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always to remember, that the widest difference subsists, between ascribing a typical intention to any passage of Scripture, and its spiritual improvement, (as it is sometimes called,) that is,

deducing from it spiritual instructions for the practical edification of the reader.

We shall not at present stop to enquire, whether there may not sometimes be a latent spiritual sense, where there are no express data for its elimination :-at all events, in such cases, we can never feel that satisfying conviction, with which we rest on the authority of Scripture. Our first object, then, being the discovery of any evidence, there may exist, of the divine intention, it will be necessary to make use of certain criteria, for the purpose of weighing the value and sufficiency of such evidence. The criteria, by which the presence of a typical meaning may be satisfactorily ascertained, seem to be the following:

1. Where the interpretation may be gathered from the language of the New Testament, or the prophetical books of the Old":

2. Where the clearest analogy may be proved to subsist between the case in hand, and some other undeniably typical : or,

When the events immediately inductive of the miracle, or the scope of our Lord's discourses, in reference or at least in close proximity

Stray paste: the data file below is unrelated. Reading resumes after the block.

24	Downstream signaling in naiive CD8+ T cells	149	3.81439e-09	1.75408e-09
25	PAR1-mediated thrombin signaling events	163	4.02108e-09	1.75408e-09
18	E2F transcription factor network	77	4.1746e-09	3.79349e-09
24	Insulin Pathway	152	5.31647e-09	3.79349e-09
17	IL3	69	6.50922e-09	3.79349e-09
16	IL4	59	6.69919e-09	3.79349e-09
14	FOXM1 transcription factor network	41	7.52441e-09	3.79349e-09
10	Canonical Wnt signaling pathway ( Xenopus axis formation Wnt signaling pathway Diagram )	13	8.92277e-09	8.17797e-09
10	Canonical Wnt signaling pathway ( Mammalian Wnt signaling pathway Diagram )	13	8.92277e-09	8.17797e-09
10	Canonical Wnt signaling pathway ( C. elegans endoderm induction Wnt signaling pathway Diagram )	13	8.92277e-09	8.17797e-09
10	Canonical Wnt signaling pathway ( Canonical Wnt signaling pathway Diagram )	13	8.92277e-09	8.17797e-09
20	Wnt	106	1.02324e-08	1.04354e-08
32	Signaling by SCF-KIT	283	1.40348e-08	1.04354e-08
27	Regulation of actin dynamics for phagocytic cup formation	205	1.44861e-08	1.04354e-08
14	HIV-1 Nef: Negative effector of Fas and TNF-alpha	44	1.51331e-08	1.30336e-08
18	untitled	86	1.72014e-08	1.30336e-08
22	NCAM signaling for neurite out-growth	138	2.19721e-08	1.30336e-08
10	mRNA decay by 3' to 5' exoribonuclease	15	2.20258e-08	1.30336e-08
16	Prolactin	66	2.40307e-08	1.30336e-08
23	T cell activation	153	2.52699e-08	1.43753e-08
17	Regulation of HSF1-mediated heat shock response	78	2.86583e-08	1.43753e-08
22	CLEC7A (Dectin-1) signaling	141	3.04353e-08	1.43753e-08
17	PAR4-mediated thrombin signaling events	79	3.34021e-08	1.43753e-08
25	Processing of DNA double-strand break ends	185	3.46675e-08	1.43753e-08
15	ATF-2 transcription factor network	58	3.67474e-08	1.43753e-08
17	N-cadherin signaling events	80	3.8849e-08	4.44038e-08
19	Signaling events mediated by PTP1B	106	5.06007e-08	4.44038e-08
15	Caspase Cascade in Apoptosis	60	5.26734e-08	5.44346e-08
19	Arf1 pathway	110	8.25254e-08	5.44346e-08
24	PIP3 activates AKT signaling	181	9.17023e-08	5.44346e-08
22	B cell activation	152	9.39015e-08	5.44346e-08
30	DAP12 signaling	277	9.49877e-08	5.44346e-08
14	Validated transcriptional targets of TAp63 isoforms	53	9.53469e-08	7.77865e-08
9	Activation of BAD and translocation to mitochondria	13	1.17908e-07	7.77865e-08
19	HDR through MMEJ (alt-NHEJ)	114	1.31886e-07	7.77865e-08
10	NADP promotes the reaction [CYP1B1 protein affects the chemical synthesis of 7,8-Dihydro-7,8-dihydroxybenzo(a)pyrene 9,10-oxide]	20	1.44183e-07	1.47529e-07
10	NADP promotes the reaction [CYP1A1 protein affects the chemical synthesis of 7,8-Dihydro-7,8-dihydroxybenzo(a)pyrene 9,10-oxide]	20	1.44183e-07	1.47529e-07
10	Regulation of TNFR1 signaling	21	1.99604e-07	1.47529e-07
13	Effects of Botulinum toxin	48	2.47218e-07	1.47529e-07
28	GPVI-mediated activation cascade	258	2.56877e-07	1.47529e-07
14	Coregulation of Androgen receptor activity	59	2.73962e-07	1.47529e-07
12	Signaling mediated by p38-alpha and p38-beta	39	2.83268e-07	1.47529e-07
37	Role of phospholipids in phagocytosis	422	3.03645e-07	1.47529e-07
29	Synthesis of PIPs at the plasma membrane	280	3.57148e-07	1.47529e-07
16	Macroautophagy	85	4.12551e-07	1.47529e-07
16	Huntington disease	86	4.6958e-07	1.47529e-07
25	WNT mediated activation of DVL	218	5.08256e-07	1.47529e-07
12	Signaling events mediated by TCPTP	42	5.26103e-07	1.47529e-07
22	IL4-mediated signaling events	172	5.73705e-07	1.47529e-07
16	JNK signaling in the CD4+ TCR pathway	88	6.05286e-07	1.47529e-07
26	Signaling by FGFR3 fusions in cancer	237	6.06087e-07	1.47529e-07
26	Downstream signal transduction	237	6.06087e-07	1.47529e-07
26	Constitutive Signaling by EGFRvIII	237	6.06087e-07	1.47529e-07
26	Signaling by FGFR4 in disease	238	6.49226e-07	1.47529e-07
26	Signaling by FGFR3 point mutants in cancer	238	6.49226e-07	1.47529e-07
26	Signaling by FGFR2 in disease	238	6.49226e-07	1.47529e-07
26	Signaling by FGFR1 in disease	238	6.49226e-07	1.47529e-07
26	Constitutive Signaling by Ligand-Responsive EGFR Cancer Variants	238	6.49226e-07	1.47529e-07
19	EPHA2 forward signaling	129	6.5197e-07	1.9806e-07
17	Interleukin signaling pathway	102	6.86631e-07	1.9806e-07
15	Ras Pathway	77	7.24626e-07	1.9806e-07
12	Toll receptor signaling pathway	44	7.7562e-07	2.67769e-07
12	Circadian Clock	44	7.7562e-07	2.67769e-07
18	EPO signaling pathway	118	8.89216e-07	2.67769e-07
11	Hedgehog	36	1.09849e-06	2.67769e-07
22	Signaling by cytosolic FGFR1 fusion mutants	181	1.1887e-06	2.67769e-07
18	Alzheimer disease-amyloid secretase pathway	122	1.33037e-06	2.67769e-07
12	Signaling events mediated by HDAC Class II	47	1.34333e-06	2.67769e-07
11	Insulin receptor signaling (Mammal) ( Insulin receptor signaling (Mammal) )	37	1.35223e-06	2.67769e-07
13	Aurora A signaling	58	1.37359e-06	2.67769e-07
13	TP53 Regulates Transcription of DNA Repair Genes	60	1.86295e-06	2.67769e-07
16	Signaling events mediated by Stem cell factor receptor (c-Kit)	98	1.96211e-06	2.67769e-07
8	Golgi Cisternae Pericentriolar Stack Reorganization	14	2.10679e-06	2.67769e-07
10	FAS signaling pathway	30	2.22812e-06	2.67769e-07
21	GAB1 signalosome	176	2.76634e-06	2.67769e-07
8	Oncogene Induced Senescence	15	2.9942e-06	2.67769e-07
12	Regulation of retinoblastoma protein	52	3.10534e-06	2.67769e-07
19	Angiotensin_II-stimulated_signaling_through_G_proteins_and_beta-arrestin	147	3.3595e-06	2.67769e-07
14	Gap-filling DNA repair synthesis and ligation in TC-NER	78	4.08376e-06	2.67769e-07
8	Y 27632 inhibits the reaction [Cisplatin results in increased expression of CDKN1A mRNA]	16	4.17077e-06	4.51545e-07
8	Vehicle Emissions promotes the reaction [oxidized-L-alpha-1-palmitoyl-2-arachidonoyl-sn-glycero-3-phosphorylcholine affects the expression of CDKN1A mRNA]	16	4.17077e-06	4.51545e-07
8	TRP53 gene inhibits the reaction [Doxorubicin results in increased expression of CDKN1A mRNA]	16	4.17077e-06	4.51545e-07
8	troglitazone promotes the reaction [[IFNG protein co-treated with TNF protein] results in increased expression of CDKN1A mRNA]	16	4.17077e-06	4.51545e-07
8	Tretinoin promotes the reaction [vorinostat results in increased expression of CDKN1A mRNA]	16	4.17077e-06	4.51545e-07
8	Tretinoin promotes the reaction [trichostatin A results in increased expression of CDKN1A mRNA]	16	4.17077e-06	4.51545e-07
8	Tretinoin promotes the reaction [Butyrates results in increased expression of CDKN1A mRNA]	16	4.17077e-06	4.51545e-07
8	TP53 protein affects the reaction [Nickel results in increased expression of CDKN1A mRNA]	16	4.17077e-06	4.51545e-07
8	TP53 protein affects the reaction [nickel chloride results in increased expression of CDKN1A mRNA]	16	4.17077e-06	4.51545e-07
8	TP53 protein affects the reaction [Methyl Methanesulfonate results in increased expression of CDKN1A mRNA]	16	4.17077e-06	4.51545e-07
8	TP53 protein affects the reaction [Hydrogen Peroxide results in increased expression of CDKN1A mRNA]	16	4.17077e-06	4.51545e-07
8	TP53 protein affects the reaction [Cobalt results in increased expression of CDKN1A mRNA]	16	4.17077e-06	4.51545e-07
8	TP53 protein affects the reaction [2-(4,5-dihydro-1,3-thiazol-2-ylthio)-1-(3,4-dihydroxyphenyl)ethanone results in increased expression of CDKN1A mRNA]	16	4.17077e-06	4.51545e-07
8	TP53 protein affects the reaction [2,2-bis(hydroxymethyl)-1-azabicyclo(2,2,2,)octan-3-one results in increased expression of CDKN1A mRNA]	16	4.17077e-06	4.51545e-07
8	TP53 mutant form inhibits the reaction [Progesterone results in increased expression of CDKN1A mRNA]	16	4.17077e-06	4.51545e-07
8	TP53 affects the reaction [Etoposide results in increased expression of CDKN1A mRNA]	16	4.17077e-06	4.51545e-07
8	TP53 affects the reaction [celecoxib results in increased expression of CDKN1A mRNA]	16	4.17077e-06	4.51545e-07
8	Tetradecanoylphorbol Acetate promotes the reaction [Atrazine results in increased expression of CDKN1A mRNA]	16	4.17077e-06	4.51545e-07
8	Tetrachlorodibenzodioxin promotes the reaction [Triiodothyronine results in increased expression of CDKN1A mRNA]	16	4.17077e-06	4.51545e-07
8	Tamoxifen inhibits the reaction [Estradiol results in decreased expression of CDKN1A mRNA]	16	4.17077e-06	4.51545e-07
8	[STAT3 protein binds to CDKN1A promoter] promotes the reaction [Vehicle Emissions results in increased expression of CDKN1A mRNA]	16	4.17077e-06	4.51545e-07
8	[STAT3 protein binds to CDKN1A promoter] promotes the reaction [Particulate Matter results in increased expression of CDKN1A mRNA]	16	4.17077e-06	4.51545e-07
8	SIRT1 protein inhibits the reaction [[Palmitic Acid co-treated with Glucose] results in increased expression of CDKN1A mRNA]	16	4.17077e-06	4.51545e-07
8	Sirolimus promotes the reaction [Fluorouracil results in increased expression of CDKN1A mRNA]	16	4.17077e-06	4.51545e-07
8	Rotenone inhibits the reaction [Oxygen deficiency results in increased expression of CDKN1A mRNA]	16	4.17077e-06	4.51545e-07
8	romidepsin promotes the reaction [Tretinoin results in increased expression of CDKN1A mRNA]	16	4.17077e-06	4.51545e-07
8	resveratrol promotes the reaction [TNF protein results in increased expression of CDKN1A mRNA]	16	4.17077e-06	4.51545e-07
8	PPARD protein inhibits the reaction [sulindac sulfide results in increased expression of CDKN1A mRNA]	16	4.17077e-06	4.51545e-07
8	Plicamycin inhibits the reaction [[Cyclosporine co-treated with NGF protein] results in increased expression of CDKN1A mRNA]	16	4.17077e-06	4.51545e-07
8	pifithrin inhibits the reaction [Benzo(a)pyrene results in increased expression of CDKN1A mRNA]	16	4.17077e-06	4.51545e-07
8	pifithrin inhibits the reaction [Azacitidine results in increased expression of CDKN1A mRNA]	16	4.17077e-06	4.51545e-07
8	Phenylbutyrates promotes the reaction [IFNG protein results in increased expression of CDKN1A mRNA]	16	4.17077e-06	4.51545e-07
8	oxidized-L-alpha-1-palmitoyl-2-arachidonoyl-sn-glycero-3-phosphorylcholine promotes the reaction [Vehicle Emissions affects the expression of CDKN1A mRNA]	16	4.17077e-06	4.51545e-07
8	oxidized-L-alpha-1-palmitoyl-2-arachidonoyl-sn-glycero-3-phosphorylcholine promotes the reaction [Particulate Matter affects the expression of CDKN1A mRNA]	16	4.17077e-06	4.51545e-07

4 Horne's Introd. Part 11. ch. iii. § 7. ch. v. § 1. ch. vi. ch. viii.

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to it, obviously and without violence, suggest such an intention.

With these directions before us, it will be hardly necessary to remark, that the interpretation of a specific miracle once furnished, is equally applicable to all its repetitions. Thus our Lord oftener than once miraculously feeds great multitudes,—obtains an extraordinary draught of fishes --raises the dead to life; and, of course, the spiritual import of these miracles does not vary with their recurrence. As to the miracles of healing, we formerly observed, that they all convey at least a general allusion to the removal of sin; and we have more specifically ascertained the antitypes of some of the different kinds of them. Following the path thus laid down for us, we may, without much fear of error, venture to supply the spiritual correspondents to the others. Thus deafness is a striking emblem of the natural incapacity of the unassisted sinner to hear, or understand the words of life. We find it frequently coupled with blindness, in the spiritual allusions of Scripture:

“ Lest at any time they should see with their eyes, and hear with their ears, and should understand with their hearts, and should be converted, and I should heal them!.” The natural man

“ hath ears yet heareth not ;” “like the deaf adder he stoppeth his ear, and refuseth to hear the voice of the charmer”.” And it is the Gospel and Grace of Christ alone, which can effectually relieve him, by the authoritative command,— Ephphatha—be opened".

1 Matt. xiii. 15.